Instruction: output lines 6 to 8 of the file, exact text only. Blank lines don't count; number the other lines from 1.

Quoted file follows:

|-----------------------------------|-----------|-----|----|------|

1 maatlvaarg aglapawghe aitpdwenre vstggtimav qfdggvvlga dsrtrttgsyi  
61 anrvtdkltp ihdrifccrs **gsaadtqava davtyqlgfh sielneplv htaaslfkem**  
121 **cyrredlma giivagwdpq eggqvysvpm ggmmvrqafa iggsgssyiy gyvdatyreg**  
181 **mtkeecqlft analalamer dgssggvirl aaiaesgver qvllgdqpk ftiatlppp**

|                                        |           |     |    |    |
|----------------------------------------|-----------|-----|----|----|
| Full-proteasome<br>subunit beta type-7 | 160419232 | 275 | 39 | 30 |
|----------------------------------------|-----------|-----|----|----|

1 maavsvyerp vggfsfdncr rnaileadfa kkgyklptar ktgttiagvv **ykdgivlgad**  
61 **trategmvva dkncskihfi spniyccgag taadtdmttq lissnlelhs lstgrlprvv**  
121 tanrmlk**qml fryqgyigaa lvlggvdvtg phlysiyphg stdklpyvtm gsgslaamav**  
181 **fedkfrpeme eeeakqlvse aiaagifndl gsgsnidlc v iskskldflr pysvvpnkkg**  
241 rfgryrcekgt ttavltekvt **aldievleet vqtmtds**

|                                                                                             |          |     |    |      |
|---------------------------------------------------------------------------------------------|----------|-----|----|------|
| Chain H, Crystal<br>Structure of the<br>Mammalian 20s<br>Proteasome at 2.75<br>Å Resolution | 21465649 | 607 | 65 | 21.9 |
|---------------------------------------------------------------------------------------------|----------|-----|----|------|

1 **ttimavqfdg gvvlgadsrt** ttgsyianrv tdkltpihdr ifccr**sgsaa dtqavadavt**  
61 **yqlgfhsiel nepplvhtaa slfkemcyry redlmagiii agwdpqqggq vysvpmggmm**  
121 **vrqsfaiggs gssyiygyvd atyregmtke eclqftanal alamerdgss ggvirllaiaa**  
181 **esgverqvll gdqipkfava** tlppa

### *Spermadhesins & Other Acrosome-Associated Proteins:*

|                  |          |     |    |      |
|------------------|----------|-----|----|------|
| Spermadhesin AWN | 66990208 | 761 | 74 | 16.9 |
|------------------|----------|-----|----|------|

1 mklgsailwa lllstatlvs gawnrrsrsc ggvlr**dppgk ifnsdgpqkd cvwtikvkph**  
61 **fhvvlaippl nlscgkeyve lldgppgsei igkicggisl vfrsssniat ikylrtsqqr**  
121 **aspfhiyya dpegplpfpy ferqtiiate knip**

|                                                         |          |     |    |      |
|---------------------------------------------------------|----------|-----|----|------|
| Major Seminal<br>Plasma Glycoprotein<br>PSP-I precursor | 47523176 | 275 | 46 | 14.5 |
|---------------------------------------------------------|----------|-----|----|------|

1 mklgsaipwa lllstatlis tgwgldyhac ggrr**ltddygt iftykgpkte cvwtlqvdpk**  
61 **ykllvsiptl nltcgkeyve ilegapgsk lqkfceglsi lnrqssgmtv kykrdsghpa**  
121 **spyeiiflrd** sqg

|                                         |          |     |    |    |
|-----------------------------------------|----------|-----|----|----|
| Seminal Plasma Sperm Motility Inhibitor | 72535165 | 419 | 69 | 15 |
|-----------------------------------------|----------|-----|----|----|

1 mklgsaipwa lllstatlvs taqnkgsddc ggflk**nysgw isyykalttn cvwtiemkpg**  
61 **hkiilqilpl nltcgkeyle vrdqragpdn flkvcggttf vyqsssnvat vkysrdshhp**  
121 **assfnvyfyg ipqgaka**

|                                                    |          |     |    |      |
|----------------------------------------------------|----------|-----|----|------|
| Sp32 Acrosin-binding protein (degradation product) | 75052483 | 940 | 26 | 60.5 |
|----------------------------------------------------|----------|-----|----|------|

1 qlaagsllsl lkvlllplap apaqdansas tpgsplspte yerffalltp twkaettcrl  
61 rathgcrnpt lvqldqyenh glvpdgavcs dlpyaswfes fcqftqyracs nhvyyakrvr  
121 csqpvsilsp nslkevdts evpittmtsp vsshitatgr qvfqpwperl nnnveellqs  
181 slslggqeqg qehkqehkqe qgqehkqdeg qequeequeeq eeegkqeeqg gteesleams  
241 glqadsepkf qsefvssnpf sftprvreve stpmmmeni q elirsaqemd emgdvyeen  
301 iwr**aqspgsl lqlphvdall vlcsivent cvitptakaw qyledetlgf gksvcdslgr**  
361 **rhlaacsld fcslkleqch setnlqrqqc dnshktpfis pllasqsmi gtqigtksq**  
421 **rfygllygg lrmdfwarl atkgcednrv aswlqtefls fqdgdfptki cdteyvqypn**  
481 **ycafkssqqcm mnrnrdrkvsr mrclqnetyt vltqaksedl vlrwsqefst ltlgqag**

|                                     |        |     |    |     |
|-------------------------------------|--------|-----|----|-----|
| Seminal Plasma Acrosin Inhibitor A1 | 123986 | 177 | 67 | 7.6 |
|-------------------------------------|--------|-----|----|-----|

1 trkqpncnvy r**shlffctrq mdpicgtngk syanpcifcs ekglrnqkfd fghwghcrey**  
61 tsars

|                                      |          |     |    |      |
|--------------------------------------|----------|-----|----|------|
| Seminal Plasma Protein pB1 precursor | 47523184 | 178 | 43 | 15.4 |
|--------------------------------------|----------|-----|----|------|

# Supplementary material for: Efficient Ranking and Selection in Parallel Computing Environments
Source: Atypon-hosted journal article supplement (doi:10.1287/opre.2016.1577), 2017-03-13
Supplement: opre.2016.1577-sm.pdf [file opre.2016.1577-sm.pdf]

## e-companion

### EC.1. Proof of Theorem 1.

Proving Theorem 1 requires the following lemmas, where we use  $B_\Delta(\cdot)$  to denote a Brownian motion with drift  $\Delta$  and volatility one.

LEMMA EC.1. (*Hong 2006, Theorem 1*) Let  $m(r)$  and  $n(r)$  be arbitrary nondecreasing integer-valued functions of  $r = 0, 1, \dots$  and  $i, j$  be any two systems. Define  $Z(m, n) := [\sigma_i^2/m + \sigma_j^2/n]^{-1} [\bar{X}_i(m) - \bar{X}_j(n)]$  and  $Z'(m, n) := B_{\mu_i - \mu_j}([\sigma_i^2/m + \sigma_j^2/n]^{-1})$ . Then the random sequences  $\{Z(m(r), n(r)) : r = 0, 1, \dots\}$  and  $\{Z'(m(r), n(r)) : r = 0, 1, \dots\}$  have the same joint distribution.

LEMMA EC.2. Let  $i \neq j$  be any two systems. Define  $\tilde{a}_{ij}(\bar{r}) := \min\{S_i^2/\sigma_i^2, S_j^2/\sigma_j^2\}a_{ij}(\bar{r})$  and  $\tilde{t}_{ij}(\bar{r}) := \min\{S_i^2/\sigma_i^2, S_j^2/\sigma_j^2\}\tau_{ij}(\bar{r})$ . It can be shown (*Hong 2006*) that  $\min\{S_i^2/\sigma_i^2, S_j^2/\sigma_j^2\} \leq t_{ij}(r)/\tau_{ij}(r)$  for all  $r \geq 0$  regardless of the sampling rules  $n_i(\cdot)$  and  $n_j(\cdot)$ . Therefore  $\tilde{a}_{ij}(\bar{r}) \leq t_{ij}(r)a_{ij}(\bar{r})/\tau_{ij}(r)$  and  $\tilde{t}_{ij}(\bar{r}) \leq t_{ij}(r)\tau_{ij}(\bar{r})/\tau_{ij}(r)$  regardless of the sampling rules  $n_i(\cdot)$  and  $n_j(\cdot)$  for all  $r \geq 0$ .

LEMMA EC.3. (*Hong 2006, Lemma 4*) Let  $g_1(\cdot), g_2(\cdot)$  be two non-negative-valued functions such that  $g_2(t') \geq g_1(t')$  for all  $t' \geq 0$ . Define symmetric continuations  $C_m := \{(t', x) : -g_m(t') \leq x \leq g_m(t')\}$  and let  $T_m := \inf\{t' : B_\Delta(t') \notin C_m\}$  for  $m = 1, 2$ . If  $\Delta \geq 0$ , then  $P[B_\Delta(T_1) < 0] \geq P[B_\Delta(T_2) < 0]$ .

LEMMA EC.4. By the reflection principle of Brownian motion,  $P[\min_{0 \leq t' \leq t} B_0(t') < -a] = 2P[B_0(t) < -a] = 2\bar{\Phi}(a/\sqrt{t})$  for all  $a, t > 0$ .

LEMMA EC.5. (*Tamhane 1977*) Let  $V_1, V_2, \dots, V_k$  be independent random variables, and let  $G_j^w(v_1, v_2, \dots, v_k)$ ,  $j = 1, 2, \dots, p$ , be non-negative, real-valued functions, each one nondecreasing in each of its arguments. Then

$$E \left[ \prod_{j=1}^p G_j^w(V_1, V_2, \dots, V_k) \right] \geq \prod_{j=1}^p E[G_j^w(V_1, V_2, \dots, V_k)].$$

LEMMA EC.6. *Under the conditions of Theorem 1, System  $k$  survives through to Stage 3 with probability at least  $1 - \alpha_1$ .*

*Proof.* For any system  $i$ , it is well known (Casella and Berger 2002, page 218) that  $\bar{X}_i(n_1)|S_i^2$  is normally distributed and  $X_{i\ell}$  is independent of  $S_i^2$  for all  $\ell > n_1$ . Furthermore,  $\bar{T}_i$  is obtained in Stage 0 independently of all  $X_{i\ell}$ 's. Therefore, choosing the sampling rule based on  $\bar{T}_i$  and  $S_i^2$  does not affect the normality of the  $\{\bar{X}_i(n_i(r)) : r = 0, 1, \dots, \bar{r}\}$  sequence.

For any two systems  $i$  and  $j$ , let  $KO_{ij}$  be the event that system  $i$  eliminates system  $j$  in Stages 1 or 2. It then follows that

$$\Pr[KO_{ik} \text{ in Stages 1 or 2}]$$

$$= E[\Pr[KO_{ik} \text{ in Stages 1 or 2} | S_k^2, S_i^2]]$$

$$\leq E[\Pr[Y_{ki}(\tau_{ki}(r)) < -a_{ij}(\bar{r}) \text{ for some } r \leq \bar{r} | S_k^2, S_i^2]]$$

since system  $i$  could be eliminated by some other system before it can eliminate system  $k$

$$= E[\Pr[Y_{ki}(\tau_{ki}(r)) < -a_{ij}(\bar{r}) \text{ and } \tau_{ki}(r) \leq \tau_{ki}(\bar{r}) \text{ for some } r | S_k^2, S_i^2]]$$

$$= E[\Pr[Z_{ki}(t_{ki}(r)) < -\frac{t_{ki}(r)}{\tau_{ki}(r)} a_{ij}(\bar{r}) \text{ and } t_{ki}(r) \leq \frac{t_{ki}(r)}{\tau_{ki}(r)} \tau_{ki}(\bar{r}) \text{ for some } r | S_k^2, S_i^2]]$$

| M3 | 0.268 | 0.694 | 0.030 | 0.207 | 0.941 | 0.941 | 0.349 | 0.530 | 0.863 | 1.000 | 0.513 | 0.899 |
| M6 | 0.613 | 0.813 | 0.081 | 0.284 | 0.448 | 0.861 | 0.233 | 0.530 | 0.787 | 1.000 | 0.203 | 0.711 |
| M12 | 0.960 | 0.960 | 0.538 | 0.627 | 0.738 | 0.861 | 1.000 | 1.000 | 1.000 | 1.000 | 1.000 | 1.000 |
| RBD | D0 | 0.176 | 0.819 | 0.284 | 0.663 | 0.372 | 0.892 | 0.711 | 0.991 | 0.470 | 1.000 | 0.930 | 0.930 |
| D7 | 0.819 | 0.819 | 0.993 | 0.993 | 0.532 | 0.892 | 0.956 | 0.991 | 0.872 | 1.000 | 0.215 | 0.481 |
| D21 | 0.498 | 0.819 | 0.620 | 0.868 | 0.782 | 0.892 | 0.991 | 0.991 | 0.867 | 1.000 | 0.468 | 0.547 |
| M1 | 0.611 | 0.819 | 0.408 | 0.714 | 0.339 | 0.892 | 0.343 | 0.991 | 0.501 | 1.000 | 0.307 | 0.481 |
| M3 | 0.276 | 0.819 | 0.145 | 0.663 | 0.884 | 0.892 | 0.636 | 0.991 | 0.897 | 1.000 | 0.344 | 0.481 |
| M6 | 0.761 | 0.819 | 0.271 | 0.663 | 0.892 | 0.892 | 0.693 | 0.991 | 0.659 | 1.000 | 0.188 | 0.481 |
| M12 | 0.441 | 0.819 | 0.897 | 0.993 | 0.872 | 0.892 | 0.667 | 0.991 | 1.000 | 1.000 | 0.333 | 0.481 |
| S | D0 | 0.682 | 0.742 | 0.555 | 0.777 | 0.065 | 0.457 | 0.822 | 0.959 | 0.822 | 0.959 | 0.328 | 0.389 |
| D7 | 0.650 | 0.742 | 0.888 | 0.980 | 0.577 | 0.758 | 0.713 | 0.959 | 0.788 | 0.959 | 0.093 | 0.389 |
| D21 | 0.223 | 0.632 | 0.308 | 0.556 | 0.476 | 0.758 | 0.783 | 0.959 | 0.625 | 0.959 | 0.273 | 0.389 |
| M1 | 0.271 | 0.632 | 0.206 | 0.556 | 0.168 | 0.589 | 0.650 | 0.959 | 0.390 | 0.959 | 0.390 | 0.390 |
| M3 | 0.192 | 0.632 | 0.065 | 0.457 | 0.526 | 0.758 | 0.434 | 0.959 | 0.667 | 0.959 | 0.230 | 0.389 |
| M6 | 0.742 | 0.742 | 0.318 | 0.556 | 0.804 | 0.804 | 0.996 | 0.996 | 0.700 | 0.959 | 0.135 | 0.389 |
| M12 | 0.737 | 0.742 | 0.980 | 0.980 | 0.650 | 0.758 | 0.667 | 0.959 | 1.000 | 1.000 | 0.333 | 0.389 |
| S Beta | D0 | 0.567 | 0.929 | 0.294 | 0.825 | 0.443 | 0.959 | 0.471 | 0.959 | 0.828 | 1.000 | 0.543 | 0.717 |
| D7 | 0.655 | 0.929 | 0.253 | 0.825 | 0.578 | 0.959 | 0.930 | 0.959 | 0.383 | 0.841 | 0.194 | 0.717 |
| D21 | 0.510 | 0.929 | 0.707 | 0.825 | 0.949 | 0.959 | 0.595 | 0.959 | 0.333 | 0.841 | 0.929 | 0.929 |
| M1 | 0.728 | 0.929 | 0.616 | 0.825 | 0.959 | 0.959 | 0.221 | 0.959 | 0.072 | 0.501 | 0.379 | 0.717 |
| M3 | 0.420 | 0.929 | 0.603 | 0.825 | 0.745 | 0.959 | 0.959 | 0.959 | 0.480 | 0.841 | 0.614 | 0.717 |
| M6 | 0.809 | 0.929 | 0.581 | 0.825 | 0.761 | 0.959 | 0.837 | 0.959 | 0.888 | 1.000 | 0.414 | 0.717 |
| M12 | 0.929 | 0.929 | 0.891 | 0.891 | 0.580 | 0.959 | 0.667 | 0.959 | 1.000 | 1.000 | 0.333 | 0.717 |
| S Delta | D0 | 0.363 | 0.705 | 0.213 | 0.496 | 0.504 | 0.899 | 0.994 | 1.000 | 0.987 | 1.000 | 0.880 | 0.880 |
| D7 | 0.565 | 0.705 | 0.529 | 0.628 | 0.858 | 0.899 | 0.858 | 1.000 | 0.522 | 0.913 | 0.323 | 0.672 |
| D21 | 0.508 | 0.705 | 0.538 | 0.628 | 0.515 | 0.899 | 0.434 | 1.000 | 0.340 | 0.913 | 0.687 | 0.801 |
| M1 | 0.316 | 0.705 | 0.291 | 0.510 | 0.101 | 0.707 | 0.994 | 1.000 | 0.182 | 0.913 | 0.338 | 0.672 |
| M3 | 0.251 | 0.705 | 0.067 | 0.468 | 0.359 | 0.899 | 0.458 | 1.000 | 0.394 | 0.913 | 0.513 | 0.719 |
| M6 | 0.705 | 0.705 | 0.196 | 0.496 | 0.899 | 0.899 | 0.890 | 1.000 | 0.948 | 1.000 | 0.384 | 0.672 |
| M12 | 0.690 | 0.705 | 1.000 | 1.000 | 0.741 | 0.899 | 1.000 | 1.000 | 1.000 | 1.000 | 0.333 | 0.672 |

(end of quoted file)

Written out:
|                                        |           |     |    |    |
|----------------------------------------|-----------|-----|----|----|
| Full-proteasome<br>subunit beta type-7 | 160419232 | 275 | 39 | 30 |